By and large, majoritarian electoral rules like ours produce two-party systems. There is no hope in the foreseeable future that those rules will change and that means that small parties, like the Populist Party, inevitably disappear or, like the Libertarian and Green Parties, remain on the fringes of a system dominated by the two major parties.
Still, there are some reasons—42 million of them, to start with—to think that a Latino party could be different. Various ethnic groups have historically wielded a great deal of influence within political parties, particularly at the local and state levels. The German-American Alliance, the Ancient Order of Hibernians (“the oldest and largest Irish Catholic organization in the United States”) and the Immigrant’s Protection League all mobilized against the restriction of immigration in the early 20th century. Latinos also have an important advantage which supports the idea of starting a separate party: They still tend to be geographically concentrated in such states as California, Florida and Texas which allows them to focus their efforts, like the Populist party did in the 1890s.
An ethnic party did arise in the United States in the late 1960s as the Chicano Movement organized and called for a third party to focus on self-determination for Mexican-Americans. The main focus of organizers was in Texas, where La Raza Unida party won seats on city councils, school boards, and even ran a candidate for governor in 1972 and 1978. However, the party’s support declined as party activism slowed in the late 1970s.
Hispanic Americans are in a better political position today than either the MFDP was five decades ago or even La Raza Unida was in the ‘70s. In terms of representation, there is the Congressional Hispanic Caucus, and the 113th Congress has a record number of Latino elected officials, with 35 representatives and three senators. Most of these representatives are Democrats, and the immigration issue has been a high priority, as evidenced by the scathing criticism recently lobbed at the president by Representatives Raul Grijalva (Ariz.) and Luis Gutierrez (Ill.). Organizations like the National Council of La Raza, the Mexican American Legal Defense and Education Fund and a variety of pro-immigration organizations have lobbied for immigration reform and deportation relief. How long will it be before such groups grow exasperated with the Democrats’ failure to move these issues forward?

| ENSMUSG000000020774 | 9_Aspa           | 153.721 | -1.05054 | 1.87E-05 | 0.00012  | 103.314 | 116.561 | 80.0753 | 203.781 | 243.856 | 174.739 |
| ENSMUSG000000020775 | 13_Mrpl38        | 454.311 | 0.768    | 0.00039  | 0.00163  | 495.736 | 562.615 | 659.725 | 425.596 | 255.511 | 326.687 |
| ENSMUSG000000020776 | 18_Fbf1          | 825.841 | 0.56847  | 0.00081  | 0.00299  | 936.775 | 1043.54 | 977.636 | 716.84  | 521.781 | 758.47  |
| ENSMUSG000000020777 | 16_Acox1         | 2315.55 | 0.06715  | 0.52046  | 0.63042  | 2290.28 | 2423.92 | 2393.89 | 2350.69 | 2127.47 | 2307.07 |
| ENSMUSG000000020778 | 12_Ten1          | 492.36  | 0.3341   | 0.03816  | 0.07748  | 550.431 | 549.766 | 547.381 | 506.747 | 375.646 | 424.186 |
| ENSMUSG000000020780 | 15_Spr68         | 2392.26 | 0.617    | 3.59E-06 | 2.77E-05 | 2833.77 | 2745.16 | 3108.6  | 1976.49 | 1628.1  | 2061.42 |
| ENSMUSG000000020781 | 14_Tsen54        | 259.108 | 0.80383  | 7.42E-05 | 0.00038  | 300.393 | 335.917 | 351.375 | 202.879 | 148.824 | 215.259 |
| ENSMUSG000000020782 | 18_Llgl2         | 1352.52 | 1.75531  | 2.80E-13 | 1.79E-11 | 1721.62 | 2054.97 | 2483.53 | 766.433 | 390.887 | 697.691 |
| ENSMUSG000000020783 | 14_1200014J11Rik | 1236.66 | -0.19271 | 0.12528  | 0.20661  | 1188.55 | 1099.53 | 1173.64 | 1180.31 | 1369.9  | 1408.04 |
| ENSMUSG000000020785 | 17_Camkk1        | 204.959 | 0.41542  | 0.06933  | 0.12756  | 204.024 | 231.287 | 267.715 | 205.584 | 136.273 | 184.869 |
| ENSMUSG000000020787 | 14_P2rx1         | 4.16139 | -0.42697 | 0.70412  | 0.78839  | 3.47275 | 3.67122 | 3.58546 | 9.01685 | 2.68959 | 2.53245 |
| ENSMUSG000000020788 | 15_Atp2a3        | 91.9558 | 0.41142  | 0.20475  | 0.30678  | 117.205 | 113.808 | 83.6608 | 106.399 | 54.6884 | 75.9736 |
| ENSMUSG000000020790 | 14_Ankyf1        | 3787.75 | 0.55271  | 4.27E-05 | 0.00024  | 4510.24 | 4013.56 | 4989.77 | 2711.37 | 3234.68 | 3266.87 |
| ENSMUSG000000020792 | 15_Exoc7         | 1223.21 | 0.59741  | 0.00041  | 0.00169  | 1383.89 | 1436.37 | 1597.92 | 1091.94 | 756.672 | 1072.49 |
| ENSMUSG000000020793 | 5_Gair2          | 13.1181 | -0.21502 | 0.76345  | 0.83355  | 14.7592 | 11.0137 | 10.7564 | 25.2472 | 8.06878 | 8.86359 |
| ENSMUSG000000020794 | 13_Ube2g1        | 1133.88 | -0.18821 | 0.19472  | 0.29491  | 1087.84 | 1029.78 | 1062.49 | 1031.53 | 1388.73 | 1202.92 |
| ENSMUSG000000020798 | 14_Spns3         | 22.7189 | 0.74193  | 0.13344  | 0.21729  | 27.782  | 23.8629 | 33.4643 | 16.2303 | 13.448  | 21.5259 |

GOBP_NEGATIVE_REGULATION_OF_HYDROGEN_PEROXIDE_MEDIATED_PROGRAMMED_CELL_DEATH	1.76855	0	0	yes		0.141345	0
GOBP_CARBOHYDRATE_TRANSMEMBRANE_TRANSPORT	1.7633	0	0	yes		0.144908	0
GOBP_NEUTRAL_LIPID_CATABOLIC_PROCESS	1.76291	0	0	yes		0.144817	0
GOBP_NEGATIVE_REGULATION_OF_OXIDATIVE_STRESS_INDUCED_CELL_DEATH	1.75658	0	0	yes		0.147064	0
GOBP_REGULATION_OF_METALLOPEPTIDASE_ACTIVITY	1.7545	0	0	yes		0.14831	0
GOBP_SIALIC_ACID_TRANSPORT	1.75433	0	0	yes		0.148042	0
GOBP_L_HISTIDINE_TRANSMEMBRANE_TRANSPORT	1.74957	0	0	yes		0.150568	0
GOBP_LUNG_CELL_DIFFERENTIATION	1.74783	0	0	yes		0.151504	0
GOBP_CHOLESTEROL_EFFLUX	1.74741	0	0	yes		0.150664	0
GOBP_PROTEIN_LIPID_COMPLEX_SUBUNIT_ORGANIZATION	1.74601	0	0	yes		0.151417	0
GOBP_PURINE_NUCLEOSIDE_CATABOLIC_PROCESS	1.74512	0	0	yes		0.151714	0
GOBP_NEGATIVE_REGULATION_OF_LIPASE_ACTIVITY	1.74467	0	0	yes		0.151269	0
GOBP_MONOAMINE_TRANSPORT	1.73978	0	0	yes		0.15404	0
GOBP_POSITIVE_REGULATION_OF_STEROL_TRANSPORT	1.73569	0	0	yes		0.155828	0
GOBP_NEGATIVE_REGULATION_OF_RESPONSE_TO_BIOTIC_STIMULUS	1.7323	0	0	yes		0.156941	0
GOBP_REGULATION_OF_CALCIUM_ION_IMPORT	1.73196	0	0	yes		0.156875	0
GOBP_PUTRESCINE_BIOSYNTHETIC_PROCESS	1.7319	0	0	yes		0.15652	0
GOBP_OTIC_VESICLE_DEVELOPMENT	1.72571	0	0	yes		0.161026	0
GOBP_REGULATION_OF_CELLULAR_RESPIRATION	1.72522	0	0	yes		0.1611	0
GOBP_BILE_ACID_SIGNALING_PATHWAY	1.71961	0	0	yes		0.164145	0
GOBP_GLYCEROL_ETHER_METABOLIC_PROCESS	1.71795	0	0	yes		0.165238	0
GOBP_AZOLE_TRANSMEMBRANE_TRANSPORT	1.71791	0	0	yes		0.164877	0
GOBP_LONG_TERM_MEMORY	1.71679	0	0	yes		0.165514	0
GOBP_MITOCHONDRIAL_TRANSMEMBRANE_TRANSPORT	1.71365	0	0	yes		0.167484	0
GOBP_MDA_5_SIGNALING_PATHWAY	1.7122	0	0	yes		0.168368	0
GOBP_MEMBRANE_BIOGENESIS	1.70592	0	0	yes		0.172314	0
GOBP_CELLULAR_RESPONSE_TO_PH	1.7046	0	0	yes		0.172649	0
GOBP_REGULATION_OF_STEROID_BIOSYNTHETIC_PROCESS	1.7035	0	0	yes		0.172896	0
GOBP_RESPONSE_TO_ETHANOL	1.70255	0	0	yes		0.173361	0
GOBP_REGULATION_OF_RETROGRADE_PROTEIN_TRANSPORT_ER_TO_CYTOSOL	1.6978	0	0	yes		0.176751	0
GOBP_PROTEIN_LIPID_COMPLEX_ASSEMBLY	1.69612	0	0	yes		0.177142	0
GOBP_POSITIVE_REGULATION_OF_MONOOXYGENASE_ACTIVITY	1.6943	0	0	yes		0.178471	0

A Latino party might even help solve the biggest obstacle to greater political clout—boosting turnout. At the time of the last midterm election, data from the Pew Research Center shows, Latinos chalked up a sharp increase in the number of eligible voters, while the number of actual voters is increasing more slowly. Also, as Pew notes, “even among eligible voters, Latino participation rates have lagged behind that of other groups in recent elections.” For example, 31.2 percent of Latino eligible voters said they voted in 2010, compared with nearly half of white eligible voters and 44 percent of black eligible voters. An independent Latino Party or a cohesive Latino bloc within an existing party that focused on the issues most important to Latinos could spur increased participation—and thus more political clout.
The smartest approach in the short run might be for Latinos to work within the existing party system, even as they continue to organize and swell their ranks within the electorate. In the long-term—especially if Democrats and Republicans continue to disappoint—they will need to assess their potential for working together as a voting bloc and whether this could lead to support for a party. Is this a long shot? Yes, but it’s better than sitting on the sidelines or waiting for others to act. How long will it be before Hispanic-Americans’ patience runs out?
Read more: http://www.politico.com/magazine/story/2014/10/is-it-time-for-a-latino-political-party-111558.html#ixzz3FQfO7du4